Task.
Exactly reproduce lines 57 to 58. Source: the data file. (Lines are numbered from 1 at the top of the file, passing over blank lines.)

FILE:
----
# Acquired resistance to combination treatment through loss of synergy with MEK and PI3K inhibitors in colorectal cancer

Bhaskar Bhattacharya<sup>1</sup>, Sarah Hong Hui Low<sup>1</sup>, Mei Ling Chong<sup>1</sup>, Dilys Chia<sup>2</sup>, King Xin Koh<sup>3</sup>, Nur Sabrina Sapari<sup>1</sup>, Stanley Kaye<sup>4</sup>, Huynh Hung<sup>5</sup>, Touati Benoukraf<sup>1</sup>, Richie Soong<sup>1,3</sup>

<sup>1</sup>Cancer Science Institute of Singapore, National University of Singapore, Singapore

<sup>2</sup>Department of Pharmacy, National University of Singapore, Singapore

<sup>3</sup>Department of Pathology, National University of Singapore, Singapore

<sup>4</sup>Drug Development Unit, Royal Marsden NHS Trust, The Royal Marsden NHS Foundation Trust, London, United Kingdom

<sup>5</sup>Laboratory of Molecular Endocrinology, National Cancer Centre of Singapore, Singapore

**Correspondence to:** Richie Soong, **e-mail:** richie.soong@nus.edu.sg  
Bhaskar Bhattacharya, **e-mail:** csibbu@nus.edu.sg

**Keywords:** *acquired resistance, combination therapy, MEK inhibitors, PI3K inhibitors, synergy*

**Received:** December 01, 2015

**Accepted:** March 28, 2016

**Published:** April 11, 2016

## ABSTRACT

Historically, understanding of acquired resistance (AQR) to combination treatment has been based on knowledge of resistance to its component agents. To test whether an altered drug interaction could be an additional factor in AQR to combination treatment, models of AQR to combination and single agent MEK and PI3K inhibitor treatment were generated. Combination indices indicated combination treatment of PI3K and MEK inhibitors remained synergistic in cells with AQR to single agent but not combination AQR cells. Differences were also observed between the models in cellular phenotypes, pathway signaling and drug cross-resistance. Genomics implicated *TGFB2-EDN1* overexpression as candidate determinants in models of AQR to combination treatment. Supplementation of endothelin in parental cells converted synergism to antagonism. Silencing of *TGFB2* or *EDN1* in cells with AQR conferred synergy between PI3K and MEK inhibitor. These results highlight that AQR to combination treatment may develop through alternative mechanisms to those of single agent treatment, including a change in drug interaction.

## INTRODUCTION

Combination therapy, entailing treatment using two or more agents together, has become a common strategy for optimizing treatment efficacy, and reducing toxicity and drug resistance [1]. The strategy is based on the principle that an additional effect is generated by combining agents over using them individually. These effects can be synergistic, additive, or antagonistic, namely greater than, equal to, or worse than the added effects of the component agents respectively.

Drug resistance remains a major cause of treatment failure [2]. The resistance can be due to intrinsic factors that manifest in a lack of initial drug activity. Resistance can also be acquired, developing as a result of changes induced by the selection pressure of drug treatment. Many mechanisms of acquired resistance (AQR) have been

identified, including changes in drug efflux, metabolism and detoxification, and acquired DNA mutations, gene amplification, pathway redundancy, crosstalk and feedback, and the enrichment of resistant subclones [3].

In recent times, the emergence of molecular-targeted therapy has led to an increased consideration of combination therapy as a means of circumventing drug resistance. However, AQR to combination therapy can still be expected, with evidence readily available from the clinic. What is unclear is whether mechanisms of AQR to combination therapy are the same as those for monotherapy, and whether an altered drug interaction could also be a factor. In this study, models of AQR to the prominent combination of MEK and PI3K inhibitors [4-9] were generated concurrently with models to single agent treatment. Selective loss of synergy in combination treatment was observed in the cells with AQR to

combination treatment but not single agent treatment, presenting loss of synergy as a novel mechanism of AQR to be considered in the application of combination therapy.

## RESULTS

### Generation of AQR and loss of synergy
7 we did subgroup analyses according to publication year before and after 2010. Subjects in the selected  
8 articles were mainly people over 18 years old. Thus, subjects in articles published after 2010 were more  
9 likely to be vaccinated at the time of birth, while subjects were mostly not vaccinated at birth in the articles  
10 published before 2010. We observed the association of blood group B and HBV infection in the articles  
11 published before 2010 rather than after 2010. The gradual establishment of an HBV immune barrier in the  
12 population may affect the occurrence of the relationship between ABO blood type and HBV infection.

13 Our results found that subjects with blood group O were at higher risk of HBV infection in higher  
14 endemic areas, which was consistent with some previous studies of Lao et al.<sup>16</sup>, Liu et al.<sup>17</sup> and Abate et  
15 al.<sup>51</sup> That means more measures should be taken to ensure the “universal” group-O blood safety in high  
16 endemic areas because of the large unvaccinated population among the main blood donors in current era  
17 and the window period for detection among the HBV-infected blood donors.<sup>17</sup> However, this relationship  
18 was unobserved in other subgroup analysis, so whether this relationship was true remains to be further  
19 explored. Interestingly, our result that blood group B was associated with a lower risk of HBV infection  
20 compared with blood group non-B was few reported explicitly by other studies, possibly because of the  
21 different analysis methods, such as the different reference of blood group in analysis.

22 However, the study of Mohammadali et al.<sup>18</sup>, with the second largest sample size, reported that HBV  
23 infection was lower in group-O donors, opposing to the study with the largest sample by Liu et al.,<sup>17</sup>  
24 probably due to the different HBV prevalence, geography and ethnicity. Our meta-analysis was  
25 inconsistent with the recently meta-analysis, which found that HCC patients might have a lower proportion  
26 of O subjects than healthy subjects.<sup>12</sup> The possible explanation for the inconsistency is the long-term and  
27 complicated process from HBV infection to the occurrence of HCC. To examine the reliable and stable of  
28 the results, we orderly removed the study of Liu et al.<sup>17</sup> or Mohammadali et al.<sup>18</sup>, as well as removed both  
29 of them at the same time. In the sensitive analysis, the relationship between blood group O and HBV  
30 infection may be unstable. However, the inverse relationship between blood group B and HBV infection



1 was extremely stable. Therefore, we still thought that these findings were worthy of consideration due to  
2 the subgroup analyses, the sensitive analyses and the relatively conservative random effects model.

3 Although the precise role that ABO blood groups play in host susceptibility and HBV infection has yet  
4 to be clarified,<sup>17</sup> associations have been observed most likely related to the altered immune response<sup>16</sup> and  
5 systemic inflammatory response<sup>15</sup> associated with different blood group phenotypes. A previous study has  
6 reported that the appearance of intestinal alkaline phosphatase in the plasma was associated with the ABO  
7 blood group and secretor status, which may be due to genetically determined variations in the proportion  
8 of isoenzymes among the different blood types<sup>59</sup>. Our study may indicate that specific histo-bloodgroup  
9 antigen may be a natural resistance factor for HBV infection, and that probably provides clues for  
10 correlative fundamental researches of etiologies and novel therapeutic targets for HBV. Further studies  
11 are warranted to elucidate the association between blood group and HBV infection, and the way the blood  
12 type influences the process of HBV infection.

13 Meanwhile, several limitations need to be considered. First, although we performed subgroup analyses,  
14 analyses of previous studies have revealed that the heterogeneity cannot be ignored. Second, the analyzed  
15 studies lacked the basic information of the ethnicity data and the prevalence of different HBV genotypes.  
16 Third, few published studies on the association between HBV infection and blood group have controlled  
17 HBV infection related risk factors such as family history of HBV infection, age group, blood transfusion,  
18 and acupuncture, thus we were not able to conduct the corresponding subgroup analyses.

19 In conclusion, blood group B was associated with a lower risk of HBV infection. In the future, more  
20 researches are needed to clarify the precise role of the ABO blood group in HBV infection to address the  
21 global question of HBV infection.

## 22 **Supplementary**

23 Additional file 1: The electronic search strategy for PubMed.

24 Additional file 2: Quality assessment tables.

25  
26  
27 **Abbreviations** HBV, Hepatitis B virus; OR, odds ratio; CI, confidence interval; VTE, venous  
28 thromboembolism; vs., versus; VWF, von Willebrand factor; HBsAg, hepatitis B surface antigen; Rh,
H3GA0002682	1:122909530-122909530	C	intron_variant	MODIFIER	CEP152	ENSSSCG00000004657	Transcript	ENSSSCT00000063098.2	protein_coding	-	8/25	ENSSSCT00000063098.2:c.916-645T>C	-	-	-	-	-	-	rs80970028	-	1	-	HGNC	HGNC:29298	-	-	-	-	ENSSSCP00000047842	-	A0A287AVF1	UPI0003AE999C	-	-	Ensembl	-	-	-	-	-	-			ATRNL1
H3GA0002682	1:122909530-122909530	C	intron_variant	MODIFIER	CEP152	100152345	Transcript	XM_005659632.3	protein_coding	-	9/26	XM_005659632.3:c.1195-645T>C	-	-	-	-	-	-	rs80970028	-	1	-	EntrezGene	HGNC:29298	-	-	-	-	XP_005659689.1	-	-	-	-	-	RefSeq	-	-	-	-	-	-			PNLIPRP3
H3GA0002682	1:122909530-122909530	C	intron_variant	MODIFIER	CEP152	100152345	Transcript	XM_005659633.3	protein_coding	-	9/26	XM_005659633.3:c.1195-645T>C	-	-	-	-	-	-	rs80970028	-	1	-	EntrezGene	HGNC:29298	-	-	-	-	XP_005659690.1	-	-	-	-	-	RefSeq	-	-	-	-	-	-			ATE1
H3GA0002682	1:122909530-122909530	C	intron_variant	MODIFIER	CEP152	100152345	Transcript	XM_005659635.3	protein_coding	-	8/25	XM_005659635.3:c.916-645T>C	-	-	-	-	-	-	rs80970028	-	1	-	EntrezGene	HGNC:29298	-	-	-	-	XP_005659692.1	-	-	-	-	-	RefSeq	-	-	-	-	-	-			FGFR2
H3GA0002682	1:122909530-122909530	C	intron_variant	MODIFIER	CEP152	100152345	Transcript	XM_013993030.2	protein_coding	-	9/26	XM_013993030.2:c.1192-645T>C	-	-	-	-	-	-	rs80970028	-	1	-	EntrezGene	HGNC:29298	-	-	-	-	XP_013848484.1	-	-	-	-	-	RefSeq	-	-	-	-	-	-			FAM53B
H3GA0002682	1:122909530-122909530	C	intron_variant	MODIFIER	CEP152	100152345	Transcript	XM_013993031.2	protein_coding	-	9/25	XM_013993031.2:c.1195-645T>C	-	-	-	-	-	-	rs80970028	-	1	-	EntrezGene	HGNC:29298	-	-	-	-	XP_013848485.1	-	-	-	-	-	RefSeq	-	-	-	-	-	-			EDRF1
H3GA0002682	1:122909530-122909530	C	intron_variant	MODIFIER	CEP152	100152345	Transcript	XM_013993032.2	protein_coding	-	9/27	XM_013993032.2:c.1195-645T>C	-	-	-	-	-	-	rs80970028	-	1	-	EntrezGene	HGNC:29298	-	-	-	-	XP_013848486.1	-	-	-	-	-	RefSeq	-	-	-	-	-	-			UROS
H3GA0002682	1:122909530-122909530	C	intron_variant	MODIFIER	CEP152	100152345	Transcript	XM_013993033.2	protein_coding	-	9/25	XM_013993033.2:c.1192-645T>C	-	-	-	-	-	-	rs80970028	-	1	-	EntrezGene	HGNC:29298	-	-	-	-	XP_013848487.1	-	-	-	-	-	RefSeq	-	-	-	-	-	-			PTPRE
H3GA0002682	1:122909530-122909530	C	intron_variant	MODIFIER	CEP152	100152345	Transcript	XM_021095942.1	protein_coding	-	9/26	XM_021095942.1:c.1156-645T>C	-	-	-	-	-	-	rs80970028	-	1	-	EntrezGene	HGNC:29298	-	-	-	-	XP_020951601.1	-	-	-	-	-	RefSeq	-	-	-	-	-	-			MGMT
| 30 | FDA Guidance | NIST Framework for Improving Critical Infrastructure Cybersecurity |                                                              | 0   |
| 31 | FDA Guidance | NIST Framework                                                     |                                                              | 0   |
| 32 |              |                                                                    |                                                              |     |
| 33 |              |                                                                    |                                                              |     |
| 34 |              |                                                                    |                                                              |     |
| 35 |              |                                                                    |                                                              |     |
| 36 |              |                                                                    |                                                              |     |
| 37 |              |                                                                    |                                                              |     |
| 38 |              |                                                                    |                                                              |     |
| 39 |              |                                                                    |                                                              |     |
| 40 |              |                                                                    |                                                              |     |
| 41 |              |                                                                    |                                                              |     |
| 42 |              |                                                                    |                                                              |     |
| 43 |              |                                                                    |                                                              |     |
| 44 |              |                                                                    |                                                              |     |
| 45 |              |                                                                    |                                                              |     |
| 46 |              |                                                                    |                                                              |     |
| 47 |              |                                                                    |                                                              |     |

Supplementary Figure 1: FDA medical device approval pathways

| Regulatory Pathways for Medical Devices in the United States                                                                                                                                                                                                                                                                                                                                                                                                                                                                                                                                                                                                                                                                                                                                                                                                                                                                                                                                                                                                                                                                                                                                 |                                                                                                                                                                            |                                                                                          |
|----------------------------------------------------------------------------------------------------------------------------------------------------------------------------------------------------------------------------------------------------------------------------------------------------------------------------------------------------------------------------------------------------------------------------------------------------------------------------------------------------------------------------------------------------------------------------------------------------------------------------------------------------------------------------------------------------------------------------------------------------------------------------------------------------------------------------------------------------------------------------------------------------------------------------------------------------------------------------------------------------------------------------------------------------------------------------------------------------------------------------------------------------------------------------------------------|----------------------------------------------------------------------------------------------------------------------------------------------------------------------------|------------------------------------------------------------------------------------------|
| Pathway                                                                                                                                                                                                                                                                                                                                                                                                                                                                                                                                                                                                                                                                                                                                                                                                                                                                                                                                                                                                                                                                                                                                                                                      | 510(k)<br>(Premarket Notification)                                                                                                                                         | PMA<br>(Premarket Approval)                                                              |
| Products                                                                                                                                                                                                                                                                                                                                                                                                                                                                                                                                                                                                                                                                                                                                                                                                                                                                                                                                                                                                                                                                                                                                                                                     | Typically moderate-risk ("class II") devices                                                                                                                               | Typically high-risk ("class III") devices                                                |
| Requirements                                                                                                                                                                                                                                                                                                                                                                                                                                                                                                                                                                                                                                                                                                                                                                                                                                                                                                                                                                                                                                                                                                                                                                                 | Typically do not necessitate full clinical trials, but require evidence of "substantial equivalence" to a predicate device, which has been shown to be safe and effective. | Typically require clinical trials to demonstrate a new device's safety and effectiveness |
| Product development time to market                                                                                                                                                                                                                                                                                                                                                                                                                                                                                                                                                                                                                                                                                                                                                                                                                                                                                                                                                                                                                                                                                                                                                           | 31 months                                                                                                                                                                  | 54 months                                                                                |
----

10 correlative fundamental researches of etiologies and novel therapeutic targets for HBV. Further studies  
11 are warranted to elucidate the association between blood group and HBV infection, and the way the blood  